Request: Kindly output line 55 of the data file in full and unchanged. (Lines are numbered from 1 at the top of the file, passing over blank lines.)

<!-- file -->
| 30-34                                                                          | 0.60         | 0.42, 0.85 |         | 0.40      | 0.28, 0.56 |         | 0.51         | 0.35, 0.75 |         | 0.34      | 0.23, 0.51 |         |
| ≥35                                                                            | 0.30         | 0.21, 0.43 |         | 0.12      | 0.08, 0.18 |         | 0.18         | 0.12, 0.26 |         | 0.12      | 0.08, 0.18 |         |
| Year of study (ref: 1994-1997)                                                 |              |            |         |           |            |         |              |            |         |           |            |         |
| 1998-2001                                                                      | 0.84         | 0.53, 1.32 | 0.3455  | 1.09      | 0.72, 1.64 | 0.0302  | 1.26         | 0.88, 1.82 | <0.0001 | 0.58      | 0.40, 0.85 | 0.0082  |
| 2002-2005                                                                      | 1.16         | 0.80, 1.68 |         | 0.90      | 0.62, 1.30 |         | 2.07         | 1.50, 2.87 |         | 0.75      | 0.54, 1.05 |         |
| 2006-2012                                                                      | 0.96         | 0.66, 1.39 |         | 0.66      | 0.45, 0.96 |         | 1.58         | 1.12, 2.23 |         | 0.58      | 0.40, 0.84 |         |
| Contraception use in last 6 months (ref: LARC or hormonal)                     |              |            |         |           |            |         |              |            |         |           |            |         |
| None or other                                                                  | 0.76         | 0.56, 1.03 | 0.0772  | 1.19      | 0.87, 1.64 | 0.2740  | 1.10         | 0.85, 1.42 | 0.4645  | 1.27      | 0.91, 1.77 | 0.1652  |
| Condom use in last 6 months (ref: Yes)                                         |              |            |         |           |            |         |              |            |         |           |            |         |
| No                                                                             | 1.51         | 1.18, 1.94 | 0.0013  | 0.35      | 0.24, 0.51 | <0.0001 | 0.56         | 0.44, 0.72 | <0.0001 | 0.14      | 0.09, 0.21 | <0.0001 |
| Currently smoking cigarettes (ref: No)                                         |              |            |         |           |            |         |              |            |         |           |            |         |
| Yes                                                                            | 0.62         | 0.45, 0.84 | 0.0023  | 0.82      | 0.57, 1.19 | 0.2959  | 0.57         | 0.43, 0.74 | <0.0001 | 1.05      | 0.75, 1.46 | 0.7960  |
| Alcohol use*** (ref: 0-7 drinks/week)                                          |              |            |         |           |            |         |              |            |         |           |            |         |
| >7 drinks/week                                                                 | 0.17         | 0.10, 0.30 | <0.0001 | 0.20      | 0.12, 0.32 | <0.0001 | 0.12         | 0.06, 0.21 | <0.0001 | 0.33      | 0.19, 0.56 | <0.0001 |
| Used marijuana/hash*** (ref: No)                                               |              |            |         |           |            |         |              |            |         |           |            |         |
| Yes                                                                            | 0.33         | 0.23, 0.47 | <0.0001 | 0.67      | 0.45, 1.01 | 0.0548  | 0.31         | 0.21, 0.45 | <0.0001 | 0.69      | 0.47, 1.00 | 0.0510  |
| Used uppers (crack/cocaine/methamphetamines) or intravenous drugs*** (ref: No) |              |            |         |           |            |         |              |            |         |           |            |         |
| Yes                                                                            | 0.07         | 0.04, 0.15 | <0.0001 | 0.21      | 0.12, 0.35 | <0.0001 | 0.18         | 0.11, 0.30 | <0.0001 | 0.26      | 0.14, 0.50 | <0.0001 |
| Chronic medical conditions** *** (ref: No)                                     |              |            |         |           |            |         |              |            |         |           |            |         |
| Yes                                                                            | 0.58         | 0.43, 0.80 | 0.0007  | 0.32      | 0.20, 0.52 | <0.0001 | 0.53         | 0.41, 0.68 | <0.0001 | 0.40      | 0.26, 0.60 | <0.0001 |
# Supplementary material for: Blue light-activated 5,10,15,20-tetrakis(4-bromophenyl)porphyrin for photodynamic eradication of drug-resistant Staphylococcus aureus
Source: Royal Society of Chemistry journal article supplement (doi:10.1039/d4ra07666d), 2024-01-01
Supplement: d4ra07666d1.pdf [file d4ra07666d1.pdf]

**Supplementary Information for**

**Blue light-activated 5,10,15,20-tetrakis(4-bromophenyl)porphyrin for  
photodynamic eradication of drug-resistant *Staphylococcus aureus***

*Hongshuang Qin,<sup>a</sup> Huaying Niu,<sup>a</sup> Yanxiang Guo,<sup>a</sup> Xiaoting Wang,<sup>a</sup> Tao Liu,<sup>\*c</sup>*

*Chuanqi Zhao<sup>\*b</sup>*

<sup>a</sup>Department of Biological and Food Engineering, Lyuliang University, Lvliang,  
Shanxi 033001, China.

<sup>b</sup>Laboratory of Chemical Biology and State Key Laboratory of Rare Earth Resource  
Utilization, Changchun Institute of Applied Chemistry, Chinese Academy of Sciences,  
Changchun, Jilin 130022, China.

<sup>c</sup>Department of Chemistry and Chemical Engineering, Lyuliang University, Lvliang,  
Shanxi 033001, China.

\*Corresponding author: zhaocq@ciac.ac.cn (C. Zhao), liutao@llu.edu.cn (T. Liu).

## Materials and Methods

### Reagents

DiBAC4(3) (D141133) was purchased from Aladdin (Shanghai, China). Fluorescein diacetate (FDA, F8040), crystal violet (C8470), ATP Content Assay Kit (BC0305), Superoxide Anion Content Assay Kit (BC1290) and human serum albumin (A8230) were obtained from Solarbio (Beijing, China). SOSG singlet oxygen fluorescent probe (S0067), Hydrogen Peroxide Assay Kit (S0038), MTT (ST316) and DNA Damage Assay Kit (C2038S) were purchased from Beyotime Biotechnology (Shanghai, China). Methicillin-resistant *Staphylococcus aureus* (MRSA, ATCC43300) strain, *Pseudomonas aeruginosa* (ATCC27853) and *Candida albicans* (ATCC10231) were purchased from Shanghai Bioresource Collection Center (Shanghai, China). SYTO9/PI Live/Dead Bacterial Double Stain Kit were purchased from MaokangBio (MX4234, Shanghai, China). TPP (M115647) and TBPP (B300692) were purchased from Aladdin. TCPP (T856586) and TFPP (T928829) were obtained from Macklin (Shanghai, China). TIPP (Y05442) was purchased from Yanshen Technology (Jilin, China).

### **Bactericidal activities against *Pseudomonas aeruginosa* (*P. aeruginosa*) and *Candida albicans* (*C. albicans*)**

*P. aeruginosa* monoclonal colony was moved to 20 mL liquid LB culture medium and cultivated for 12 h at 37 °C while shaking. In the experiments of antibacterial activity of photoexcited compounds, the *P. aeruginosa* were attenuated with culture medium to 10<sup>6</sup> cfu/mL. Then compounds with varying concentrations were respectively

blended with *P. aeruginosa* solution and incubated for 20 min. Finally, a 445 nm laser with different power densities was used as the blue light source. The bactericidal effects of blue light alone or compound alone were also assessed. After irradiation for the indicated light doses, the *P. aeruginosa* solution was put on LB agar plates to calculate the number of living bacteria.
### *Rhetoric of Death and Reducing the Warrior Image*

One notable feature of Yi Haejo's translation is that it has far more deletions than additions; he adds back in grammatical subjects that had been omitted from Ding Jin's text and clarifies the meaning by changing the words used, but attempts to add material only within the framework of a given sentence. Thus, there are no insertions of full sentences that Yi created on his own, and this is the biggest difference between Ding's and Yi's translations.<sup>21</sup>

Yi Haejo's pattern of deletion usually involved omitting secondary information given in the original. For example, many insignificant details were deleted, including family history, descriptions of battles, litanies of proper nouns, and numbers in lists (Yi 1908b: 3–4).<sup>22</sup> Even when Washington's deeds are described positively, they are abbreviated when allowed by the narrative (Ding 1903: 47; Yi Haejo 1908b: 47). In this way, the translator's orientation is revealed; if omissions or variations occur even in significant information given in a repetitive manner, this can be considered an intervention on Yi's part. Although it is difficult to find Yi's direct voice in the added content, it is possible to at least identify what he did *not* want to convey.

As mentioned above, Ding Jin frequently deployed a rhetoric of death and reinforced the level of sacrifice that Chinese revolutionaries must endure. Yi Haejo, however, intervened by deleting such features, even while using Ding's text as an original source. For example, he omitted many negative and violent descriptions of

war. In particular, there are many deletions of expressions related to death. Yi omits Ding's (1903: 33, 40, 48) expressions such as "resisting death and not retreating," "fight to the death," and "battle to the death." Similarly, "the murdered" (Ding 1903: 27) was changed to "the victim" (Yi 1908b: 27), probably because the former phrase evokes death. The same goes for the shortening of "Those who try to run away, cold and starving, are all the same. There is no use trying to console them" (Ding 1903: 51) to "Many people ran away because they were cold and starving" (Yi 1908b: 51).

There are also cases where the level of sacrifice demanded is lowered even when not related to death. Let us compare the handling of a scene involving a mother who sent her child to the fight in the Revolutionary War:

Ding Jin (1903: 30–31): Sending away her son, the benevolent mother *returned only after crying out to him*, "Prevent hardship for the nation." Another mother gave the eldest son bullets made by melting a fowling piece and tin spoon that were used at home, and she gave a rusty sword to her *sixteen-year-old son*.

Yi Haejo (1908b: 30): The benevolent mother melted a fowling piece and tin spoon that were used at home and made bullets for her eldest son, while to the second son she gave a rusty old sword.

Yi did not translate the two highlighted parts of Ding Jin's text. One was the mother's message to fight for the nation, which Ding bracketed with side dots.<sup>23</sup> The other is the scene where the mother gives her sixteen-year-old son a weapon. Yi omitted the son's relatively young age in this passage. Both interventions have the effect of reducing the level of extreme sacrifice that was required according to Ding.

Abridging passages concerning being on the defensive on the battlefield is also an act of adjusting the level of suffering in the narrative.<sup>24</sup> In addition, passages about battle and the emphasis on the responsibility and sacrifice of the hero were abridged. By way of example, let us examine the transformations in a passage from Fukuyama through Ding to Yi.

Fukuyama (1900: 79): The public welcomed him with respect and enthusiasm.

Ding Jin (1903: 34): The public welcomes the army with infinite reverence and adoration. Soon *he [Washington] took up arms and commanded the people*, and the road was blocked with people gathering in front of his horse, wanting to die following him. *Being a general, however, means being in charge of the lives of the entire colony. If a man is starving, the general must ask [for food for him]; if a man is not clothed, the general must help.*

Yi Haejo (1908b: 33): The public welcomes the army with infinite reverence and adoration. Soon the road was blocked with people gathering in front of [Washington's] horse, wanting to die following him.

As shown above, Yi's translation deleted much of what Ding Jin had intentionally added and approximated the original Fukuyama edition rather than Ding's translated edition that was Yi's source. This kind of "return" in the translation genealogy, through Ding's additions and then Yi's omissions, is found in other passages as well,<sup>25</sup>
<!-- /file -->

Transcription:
Yi Haejo (1908b: 33): The public welcomes the army with infinite reverence and adoration. Soon the road was blocked with people gathering in front of [Washington's] horse, wanting to die following him.